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Saka Wikipédia Jawa, bauwarna mardika basa Jawa
Kabuli palaw, the national dish of Afghanistan
Jeneng liyanéPolao, Pela, Pilav, Pallao, Pilau, Pelau, Pulao, Pulaav, Palaw, Palavu, Plov, Palov, Polov, Polo, Polu, Kurysh, Fulao, Fulaaw, Fulav, Fulab, Osh, Aş
Tlatah utawa prajaBalkans, Caribbean, South Caucasus, Central Asia, East Africa, Eastern Europe, Latin America, Middle East, and South Asia
Hawa ajanganHot
Woworan pokokRice, stock or broth, spices, meat, vegetables, dried fruits
Buku masakan: Pilaf  Médhia: Pilaf

Pilaf (pocapan AS ) utawa pilau (pocapan Inggris ) utawa Polao (pocapan Bangla ) minangka sajian sega, utawa ing sawétara wilayah, sajian gandum, ing resep biasané melu masak ing duduh utawa duduh kaldu, nambah rempah-rempah, lan bahan liyané kaya ta janganan utawa daging, [1] [2] [3] [4] lan nggunakaké sawétara teknik kanggo nggayuh pari sing dimasak sing ora manut. [5] [7] [8] [10]

Ing wektu Khalifah Abbasiyah, metode masak nasi iki wiwit nyebar ing wilayah sing gedhe saka India nganti Spanyol, lan pungkasané dadi jagad sing luwih akéh. Paella Spanyol, [8] [12] lan pilau Asia Kidul utawa pulao, [13] [15] lan biryani, [16] [18] berkembang saka sajian kaya ngono.

Pilaf lan panganan sing padha yaiku umum kanggo Balkan, Karibia, Kaukasia Kidul, Asia Tengah, Afrika Wétan, Eropa Wétan, Amerika Latin, Timur Tengah, lan Masakan Asia Kidul . Iki minangka panganan pokok lan sajian sing kawentar ing Afghanistan, Armenia, Azerbaijan, Bangladesh, China ( utamané ing Xinjiang ), Siprus, Georgia, Yunani ( utamané ing Kreta ), India, Irak ( mligine ing Kurdistan ), Iran, Israel,[19] Kazakhstan, Kenya, Kyrgyzstan, Nepal, Pakistan, Rumania, Ruslan, Tanzania ( utamané ing Zanzibar ), Tajikistan,[20] Turkey,[21] Turkmenistan, Uganda, lan Uzbekistan .[22][23]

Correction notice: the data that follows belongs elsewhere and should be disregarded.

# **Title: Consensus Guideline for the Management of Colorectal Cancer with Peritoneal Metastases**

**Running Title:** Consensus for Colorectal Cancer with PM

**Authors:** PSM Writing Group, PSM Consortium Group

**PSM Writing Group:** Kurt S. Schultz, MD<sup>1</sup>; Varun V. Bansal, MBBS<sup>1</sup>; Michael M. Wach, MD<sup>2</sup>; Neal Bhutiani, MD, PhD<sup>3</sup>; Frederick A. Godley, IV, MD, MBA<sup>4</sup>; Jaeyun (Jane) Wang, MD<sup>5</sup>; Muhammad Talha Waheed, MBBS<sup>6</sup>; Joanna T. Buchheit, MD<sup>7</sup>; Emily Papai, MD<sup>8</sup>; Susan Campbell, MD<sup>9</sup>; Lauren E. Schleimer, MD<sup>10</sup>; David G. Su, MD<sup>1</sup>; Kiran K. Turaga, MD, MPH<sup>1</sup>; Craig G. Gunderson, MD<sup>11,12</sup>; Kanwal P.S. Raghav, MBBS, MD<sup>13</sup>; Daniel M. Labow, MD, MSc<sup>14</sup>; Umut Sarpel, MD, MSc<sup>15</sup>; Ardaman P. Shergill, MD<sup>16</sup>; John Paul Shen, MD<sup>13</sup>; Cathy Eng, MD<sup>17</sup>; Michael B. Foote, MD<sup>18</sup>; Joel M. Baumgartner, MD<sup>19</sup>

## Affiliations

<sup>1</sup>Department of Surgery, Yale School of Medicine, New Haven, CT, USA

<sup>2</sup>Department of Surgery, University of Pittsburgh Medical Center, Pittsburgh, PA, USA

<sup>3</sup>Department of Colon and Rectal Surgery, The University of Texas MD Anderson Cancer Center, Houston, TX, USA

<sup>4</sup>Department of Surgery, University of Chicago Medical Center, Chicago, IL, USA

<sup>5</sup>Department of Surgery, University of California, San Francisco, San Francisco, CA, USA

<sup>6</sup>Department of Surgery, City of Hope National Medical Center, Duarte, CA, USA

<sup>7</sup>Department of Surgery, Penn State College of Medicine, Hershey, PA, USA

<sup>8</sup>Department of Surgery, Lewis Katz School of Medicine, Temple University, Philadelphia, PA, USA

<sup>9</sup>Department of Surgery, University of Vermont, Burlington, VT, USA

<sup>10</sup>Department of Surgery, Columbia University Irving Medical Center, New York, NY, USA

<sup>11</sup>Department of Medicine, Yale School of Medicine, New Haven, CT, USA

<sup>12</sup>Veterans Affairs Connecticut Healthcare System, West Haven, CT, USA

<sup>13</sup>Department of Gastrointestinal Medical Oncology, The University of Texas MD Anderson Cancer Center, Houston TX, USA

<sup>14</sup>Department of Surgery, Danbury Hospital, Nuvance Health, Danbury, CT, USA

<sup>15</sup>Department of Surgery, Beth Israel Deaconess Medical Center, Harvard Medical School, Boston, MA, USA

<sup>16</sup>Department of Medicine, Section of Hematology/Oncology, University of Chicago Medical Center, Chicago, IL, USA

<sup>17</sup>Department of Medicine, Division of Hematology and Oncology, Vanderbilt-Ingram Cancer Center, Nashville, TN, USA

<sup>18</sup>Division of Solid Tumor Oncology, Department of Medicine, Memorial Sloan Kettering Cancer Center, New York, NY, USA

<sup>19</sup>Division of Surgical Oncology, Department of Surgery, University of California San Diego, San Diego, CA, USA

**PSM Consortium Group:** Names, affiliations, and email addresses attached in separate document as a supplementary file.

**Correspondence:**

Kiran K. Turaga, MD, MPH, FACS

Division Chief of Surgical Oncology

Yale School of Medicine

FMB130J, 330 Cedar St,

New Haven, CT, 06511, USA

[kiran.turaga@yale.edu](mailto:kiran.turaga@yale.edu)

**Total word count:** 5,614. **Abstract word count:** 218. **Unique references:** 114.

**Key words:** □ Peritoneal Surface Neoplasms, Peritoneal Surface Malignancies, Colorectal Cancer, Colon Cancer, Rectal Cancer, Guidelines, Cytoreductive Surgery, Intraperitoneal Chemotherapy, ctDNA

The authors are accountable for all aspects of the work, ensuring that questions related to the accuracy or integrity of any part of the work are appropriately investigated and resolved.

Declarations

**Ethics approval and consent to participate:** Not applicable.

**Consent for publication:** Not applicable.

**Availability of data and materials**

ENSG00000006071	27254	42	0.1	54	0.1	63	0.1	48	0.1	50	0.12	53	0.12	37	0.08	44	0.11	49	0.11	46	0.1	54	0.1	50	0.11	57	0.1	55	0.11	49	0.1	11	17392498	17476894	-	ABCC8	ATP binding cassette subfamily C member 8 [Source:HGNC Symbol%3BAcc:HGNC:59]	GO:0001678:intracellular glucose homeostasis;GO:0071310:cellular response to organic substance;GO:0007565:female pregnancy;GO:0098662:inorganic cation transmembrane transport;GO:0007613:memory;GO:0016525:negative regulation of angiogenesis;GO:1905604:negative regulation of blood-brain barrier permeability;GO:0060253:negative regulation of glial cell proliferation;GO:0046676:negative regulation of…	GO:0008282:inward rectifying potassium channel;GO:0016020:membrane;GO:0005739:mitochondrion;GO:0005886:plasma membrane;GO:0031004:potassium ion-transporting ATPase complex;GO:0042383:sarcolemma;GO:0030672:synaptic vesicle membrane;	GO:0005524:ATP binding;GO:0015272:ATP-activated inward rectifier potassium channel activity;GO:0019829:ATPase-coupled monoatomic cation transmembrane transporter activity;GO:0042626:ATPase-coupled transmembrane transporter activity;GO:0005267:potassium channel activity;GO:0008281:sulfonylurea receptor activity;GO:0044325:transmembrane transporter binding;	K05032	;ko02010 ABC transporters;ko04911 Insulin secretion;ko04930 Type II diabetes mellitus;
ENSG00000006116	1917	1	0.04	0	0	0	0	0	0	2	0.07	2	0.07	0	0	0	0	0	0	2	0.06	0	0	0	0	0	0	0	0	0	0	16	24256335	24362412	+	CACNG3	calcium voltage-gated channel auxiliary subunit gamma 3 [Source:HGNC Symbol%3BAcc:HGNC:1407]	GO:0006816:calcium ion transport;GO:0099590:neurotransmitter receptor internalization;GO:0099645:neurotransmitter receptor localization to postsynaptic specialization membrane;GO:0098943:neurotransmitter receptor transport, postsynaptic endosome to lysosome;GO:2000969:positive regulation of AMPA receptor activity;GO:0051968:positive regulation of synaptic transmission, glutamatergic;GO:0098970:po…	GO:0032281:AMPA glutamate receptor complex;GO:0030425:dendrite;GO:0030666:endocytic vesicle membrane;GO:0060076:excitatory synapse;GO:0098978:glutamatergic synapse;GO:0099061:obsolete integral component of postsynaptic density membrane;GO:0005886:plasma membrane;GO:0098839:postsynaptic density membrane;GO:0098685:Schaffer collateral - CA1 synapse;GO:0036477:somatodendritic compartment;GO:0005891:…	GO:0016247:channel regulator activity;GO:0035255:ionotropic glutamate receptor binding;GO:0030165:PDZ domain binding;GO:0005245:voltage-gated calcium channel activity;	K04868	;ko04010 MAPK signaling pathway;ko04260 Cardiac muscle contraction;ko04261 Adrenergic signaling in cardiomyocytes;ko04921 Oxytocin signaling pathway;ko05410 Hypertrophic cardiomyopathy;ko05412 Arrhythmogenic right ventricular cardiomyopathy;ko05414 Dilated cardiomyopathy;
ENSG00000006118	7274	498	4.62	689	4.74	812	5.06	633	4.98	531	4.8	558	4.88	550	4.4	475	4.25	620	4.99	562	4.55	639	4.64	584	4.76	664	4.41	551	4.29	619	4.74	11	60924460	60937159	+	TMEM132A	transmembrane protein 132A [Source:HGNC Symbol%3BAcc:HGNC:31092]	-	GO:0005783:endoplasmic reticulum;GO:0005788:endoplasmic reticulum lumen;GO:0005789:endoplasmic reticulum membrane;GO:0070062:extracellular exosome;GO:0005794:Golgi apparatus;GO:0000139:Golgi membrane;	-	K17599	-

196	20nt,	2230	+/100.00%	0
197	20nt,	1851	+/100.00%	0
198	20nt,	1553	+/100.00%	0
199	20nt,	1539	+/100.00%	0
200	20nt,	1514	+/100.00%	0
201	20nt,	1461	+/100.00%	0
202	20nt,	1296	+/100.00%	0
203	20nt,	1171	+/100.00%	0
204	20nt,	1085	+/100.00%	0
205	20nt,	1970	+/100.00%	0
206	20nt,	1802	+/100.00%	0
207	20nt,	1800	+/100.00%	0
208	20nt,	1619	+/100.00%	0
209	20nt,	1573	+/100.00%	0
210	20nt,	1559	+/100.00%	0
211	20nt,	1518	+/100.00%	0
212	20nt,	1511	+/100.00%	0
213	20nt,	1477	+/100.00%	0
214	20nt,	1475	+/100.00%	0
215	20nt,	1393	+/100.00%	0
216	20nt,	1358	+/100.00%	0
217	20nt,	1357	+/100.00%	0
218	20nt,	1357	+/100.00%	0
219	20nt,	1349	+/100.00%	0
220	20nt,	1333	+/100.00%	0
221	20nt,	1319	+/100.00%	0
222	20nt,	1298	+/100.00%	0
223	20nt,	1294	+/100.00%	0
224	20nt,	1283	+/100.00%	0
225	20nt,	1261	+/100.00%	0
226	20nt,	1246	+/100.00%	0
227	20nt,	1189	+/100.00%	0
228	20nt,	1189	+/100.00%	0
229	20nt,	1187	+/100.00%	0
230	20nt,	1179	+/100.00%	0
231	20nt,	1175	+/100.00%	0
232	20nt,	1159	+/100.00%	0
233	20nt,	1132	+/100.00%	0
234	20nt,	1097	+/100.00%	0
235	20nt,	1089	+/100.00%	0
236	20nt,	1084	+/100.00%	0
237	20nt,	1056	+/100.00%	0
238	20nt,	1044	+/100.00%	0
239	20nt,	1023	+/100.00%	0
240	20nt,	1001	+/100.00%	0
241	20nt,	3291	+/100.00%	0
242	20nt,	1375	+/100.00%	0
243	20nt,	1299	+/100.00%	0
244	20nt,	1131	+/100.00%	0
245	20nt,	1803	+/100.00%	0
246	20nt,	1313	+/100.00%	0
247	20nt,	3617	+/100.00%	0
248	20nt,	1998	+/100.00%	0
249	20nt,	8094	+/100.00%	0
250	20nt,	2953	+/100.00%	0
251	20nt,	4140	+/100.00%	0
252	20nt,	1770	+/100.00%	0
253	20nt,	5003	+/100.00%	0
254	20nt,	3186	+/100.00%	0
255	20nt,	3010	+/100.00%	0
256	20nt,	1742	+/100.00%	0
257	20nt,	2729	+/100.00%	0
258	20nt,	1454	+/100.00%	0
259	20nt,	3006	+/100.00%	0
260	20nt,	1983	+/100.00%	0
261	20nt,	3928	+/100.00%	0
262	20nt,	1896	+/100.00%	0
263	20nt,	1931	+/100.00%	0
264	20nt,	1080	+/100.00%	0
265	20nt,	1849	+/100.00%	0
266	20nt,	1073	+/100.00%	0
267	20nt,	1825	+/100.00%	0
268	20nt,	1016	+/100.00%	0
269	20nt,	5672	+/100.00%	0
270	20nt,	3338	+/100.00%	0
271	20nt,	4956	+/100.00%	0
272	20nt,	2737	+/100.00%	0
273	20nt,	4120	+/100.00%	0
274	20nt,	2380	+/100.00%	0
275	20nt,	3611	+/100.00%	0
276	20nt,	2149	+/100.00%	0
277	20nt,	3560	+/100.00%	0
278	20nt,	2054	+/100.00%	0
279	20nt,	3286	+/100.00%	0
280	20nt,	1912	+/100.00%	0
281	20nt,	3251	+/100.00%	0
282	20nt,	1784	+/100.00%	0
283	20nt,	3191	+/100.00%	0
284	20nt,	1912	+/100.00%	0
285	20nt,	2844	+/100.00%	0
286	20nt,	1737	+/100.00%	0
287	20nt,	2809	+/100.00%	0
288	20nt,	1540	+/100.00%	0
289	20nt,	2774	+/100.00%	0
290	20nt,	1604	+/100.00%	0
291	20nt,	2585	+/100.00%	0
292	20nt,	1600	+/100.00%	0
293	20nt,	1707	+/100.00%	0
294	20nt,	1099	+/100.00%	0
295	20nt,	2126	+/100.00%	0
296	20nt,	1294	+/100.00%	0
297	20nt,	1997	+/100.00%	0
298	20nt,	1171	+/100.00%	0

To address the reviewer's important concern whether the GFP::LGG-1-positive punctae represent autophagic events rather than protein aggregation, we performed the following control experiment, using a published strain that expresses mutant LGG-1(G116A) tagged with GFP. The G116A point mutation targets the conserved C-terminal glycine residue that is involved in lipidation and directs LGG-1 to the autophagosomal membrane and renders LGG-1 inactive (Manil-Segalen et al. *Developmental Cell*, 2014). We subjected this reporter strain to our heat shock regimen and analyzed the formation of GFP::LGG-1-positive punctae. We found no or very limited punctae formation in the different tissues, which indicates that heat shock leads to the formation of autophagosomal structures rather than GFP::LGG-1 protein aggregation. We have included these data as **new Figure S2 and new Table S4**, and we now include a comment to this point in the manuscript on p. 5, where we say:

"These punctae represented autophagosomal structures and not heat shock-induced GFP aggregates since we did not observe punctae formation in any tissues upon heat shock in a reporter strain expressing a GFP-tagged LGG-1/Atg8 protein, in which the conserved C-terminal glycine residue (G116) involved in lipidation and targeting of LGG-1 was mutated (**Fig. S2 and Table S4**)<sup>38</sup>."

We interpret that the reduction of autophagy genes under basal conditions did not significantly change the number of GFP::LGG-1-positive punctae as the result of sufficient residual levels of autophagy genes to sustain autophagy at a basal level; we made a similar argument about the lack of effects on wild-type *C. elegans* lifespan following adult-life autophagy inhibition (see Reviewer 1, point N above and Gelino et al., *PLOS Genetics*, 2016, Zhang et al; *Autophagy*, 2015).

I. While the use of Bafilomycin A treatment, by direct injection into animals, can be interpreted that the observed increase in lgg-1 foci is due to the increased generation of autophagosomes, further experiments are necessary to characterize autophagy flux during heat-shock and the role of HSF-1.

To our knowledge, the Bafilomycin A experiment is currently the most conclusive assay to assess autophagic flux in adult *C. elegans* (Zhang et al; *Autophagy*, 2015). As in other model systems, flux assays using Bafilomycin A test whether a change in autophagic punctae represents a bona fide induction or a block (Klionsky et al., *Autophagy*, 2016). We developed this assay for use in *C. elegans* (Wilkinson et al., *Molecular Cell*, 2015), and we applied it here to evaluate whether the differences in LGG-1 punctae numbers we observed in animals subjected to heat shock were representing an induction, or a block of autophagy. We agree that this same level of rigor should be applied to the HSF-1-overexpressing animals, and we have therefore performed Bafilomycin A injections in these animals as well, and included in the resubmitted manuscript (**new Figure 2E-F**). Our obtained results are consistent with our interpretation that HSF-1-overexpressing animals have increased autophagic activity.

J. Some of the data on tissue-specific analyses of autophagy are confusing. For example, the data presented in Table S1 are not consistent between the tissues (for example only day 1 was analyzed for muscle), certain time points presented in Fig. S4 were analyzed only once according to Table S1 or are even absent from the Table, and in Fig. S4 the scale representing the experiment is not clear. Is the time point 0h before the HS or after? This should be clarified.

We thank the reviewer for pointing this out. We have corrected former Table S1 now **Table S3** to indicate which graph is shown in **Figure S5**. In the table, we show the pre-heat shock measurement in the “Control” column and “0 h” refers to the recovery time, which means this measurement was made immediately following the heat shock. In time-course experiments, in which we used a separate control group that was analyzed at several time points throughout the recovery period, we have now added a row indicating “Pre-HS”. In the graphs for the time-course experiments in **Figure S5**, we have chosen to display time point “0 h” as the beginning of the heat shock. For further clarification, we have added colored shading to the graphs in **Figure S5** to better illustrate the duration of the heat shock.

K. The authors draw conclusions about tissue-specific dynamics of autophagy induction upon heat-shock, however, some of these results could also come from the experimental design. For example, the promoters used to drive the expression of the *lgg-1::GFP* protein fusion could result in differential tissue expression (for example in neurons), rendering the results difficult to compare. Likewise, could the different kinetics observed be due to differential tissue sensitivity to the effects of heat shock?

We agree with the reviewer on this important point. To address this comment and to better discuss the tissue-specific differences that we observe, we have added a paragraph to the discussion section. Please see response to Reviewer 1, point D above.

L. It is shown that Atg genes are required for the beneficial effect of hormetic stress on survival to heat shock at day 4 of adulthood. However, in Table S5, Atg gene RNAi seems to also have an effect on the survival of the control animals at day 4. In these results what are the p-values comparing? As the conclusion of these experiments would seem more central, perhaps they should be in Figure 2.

Gladri[besut | besut sumber]

Kapustakan[besut | besut sumber]

  1. a b Oxford English Dictionary 2006b.
  2. Oxford English Dictionary (subscription required): "A dish, partly of Middle Eastern, partly and ultimately of South Asian origin, consisting of rice (or, in certain areas, wheat) cooked in stock with spices, usually mixed with meat and various other ingredients.[1]
  3. a b Merriam-Webster Unabridged Dictionary 2019.
  4. Merriam-Webster Unabridged Dictionary (subscription required): "rice usually combined with meat and vegetables, fried in oil, steamed in stock, and seasoned with any of numerous herbs (as saffron or curry)."[3]
  5. Perry 2014.
  6. Perry 2014, kc. 624.
  7. Perry: "A Middle-Eastern method of cooking rice so that every grain remains separate. ...However, there is no evidence that rice was cooked by this technique in India before the Muslim invasions, and Indians themselves associate pilaf-making with Muslim cities such as Hyderabad, Lucknow, and Delhi. .... The first descriptions of the pilaf technique appear in the 13th-century Arabic books Kitab al-Tabikh and Kitab al-Witsla ila al Habib, written in Baghdad and Syria, respectively. They show the technique in its entirety, including the cloth beneath the lid, and describe still-current flavourings such as meat, pulses, and fruit.[6]